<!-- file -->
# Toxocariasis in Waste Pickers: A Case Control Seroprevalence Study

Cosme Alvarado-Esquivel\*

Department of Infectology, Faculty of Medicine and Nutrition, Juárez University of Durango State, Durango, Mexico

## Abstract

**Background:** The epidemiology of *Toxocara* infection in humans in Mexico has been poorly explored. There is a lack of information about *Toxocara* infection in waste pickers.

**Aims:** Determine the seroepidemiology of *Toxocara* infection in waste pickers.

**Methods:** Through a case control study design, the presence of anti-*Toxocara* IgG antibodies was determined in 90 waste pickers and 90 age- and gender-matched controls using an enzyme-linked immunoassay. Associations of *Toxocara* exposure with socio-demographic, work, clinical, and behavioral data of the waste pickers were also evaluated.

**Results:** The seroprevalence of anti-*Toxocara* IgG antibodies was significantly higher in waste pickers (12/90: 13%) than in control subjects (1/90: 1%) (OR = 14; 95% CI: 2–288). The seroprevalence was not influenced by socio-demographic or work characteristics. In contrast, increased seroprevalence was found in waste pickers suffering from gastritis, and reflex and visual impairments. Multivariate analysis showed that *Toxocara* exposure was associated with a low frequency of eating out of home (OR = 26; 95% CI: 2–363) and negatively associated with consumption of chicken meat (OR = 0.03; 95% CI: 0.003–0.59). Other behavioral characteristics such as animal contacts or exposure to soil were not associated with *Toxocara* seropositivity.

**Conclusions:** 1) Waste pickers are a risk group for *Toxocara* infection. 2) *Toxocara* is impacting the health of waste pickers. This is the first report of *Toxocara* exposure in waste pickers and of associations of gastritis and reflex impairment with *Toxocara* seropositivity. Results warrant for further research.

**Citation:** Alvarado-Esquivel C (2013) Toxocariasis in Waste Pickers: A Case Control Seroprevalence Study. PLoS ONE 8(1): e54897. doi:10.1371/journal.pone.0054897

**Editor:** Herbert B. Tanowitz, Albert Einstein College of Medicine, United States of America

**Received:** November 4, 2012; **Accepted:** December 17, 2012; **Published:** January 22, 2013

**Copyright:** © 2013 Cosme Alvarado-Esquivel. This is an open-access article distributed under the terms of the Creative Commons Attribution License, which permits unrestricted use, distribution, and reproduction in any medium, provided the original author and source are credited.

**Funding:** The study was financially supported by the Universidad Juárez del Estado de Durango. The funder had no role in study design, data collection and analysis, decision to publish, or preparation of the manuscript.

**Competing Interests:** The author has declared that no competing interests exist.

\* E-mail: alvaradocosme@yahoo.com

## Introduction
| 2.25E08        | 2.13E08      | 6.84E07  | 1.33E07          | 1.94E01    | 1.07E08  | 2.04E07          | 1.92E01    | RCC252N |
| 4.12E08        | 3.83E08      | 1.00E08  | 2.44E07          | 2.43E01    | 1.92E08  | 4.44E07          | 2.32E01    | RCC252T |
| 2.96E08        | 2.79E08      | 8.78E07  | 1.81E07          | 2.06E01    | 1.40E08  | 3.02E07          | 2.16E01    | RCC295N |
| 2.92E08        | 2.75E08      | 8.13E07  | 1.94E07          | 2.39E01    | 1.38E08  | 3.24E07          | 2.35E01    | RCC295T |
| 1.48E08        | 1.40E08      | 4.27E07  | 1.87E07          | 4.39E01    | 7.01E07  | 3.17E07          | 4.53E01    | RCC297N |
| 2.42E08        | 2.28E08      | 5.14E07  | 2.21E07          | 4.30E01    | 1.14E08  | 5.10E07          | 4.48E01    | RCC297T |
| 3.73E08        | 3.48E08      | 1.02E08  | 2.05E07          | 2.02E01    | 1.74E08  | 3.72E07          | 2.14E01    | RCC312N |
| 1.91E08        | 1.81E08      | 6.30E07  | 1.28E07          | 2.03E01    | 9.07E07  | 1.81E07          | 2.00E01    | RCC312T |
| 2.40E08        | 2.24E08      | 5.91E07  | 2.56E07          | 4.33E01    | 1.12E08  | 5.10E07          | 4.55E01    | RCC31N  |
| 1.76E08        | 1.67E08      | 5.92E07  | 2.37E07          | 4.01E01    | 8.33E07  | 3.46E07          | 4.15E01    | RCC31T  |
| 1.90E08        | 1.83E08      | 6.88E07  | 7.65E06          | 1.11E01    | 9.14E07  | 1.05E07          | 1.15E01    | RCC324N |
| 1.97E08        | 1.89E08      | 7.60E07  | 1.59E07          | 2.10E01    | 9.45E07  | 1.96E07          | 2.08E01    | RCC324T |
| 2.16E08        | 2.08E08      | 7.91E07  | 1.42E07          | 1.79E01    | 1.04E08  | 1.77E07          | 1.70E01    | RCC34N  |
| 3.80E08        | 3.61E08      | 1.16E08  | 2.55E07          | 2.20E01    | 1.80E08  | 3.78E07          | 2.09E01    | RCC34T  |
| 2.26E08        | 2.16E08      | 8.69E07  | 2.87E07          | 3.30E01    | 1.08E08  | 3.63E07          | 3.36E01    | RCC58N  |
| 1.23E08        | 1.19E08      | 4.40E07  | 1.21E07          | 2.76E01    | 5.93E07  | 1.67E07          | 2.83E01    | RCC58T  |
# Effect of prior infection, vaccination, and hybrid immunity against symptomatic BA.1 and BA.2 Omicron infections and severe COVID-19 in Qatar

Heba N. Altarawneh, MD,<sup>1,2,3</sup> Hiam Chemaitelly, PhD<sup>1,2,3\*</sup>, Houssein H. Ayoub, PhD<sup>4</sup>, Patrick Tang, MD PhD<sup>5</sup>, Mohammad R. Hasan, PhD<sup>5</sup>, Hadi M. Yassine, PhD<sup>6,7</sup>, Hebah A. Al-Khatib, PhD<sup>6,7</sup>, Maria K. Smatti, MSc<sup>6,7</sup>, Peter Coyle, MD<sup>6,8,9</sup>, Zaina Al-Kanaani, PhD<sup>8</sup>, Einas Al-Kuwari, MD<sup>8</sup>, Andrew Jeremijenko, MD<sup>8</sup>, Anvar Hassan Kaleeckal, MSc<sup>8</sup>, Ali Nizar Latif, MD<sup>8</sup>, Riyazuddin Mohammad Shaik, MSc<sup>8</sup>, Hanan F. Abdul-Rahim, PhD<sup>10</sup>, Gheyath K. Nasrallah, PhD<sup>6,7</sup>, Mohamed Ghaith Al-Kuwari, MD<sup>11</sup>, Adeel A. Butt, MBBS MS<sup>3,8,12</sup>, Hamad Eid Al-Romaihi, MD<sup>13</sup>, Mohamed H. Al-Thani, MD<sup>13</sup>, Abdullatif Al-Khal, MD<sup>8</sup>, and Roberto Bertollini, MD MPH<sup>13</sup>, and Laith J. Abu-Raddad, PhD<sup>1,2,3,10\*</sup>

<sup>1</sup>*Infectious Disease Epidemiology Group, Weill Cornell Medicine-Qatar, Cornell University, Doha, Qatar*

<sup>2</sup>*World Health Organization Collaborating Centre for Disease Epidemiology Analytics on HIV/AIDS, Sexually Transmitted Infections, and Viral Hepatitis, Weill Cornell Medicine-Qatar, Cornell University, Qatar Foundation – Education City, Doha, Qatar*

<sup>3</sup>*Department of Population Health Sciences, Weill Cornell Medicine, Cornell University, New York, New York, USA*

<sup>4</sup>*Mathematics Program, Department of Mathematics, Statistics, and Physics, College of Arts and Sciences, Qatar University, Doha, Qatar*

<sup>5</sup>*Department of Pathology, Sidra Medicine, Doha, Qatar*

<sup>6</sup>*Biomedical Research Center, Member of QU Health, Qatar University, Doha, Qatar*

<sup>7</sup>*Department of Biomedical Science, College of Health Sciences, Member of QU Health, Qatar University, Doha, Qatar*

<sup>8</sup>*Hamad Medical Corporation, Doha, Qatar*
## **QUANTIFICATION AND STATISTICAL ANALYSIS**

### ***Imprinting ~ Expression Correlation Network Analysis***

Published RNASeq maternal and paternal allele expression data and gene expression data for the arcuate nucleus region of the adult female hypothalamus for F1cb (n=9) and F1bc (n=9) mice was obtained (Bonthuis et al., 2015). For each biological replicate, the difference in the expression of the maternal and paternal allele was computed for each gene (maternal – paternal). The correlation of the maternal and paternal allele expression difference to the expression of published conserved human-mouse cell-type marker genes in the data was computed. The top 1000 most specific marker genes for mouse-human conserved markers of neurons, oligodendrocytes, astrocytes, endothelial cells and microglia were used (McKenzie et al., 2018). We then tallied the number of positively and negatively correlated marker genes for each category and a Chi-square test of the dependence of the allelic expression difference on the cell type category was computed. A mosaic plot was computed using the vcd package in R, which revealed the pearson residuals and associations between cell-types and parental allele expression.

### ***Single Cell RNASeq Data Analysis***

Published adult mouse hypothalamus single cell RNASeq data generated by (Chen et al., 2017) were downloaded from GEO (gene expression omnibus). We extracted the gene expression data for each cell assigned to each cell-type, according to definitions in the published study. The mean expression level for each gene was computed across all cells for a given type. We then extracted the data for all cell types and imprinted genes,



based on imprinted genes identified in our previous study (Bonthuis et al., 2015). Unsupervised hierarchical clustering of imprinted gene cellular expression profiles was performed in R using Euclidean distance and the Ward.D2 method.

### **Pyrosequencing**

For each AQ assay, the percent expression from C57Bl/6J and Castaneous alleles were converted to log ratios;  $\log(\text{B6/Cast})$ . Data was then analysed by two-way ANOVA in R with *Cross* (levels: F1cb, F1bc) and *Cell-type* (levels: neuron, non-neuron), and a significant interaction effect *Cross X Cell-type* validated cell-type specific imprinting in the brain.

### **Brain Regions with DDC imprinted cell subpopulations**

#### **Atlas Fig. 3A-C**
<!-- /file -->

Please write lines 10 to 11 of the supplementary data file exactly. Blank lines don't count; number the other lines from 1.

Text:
**Citation:** Alvarado-Esquivel C (2013) Toxocariasis in Waste Pickers: A Case Control Seroprevalence Study. PLoS ONE 8(1): e54897. doi:10.1371/journal.pone.0054897

**Editor:** Herbert B. Tanowitz, Albert Einstein College of Medicine, United States of America